That might help people to stop judging by the size of the *box*.

    As an aside, this might also help people to realise the implications when a HFN examination of a 'high rez' download shows it is actually a high rate 24 bit version of DSD with a *lot* of HF process noise.
     
  9. davidsrsb

    davidsrsb pfm Member

    96/8 would probably work well, while keeping file size sane. The limit case of single bit suffered from clock jitter sensitivity, so 8 bit is likely a sensible compromise, suiting computer architectures and 96k is high enough to allow plenty of room to low pass the shaping noise out
     
  10. Tony L

    Tony L Administrator

    I must admit I've only skimmed Jim's article as the bits and bytes of digital audio are way beyond my current pay grade, but even so I've been around digital pro-audio pretty much from it's birth so have a few views/hunches.

    I agree completely that bit-depth is not the issue for domestic audio and that 16bits used correctly is way more dynamic range than 98% of audio systems would have a hope in hell of handling, and even if they could chances are you'd not want to be in the room without ear-protection. It equates to about 96db, so given we can't really hear much at all below about 40db that is a heck of a lot of usable range. A look at the real DR stats for pop and rock CDs show just how little is often used. I really don't think below 16 bit is worth considering though, I have too many memories of crunchy 8 bit samplers etc, though I guess much of that was the low sample-rate, which I am convinced is where the issue lies.

    I am absolutely convinced that the problems with standard red-book is not the bit depth or frequency range, but the impact of the filter that abruptly cuts of all the malformed digital noise above 22kHz. This being why CD players, DACs etc sound different, and this being why well-sorted 96kHz or above recordings just tend to sound 'more analogue'. As such and without having the math or anything to prove it my hunch is 16/96 is all anyone should ever need assuming the whole recording process is to that standard or it is a transcription of a analogue tape. It just gets that filter right up and out of the way. It likely won't do anything much to help old digital masters recorded to DAT etc, which is actually a heck of a lot of music from the mid-80s onward.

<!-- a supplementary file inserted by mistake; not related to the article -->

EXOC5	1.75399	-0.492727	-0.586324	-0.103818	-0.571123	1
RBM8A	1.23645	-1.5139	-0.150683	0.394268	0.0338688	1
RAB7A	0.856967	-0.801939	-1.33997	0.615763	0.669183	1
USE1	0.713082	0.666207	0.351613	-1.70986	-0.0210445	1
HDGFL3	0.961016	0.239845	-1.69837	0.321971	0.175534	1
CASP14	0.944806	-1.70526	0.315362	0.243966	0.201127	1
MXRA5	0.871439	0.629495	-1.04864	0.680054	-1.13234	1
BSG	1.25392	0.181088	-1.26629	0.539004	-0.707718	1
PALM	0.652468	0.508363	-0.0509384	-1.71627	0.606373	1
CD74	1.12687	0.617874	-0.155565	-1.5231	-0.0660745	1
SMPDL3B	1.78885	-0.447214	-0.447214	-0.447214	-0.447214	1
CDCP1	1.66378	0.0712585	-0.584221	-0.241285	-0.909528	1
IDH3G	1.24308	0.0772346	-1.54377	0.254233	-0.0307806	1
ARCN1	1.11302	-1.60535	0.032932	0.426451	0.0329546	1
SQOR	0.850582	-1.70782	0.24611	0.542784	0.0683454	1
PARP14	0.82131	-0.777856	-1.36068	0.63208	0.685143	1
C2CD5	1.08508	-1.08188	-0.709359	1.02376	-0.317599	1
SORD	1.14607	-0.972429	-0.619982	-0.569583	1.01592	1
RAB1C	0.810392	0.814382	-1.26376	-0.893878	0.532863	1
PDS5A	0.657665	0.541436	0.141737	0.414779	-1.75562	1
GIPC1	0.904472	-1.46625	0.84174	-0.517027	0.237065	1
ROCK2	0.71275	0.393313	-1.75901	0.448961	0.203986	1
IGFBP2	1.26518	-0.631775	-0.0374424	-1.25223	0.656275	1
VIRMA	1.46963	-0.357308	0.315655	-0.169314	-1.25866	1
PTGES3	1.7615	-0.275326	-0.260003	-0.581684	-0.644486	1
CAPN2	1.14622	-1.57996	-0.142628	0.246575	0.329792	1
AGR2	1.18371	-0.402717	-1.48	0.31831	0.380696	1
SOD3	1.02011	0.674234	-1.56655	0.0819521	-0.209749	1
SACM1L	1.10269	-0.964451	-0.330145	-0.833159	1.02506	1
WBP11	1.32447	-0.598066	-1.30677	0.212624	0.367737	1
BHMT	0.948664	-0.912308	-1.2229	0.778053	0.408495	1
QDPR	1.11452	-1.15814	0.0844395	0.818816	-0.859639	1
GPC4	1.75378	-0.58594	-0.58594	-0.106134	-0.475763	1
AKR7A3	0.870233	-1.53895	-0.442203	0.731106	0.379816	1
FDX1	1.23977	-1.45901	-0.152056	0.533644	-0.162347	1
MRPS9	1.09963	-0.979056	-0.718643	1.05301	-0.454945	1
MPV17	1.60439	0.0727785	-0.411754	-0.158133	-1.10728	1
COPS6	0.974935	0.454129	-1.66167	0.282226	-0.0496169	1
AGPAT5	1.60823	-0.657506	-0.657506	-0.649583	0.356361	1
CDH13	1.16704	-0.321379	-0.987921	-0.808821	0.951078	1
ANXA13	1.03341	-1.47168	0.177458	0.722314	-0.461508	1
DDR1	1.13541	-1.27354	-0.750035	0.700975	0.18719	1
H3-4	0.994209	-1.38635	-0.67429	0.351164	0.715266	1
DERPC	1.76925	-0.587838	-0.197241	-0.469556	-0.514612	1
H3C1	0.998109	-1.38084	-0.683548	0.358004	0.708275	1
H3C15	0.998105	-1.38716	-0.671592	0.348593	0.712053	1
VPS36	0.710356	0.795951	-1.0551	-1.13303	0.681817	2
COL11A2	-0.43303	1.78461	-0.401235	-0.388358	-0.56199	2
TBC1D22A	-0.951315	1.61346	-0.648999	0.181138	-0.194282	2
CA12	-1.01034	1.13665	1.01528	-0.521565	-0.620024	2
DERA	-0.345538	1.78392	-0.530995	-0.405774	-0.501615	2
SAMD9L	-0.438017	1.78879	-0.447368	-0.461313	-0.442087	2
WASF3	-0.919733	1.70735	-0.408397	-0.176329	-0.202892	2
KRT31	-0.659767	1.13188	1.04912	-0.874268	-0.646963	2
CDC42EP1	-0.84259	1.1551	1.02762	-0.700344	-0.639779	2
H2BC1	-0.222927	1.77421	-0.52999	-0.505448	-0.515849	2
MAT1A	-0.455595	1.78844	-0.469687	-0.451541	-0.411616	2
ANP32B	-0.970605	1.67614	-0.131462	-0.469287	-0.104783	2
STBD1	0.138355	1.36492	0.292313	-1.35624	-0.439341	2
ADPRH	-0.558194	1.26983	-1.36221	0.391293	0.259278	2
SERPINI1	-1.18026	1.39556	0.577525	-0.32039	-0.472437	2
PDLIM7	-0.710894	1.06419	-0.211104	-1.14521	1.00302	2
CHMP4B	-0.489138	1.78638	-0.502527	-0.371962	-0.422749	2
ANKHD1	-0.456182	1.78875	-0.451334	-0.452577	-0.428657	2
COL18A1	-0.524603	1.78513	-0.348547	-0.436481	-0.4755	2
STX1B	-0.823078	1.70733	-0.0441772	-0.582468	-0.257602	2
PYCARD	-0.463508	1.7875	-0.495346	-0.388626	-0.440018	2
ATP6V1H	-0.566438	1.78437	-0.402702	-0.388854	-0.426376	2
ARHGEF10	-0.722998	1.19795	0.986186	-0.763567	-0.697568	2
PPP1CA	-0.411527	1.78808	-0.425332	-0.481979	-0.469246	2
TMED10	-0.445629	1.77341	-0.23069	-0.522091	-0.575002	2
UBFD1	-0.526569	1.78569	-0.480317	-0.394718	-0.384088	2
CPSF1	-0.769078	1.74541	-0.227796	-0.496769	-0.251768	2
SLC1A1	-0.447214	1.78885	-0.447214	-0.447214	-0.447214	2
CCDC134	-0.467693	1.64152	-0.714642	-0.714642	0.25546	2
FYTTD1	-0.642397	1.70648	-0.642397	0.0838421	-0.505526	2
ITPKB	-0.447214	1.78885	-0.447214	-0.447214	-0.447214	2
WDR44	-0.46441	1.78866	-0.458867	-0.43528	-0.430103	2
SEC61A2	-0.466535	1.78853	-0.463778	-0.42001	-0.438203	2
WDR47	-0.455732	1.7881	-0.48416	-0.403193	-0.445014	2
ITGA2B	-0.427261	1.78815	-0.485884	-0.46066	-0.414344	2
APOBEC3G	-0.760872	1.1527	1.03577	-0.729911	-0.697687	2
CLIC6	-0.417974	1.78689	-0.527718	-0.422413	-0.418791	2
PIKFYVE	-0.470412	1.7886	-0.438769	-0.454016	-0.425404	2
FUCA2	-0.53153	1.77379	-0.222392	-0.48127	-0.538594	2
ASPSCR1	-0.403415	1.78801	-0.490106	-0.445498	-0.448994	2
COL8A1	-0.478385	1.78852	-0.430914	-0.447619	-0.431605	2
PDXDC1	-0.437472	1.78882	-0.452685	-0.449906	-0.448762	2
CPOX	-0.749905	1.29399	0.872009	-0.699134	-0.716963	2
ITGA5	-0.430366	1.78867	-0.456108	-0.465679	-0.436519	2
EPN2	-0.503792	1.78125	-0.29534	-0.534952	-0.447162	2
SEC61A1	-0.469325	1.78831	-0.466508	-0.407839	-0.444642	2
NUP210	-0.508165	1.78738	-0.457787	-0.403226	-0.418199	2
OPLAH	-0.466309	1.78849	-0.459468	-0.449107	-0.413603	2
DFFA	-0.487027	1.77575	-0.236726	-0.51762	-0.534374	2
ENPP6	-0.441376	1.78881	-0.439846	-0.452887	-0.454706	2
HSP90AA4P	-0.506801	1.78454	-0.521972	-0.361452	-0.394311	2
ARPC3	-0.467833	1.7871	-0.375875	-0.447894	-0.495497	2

By saying all that bog standard red book 16/44 can sound superb when really done right!
     
  11. Jim Audiomisc

    Jim Audiomisc pfm Member

    I'd be wary of 96k/8bit for reasons akin to Tony's comments about the problems of reconstruction filters, etc, with 44.1k/48k.

    To get 96k/8bit to work you'd need reasonably high order Noise shaping and a somewhat higher HF noise level than 96k/16bit. That would take things a lot close a lot of the safety-space between what is required and what might often be done.

    Nice thing about low-order Shaping is that it isn't difficult to do reasonably well and still give a clear 'space' for the audio. Above third order can become difficult to do. And the harder something is to do well, the more scope there is for the music biz to louse it up! :-/
     
  12. davidsrsb

    davidsrsb pfm Member

    Yes, you would need to add pre-emphasis and de-emphasis to stand a chance. One thing the MQA debate and analysis has shown is that you don't need to handle anything like 0dbFS above 20 kHz
     
  13. darrenyeats

    darrenyeats pfm Member

    I've been playing around with filters since I started doing upsampling via Squeezebox/SoX. I've used only linear phase, non-imaging filters, the only tweaking I've done is to where the passband ends. SoX always gives you an optimally smooth transition band.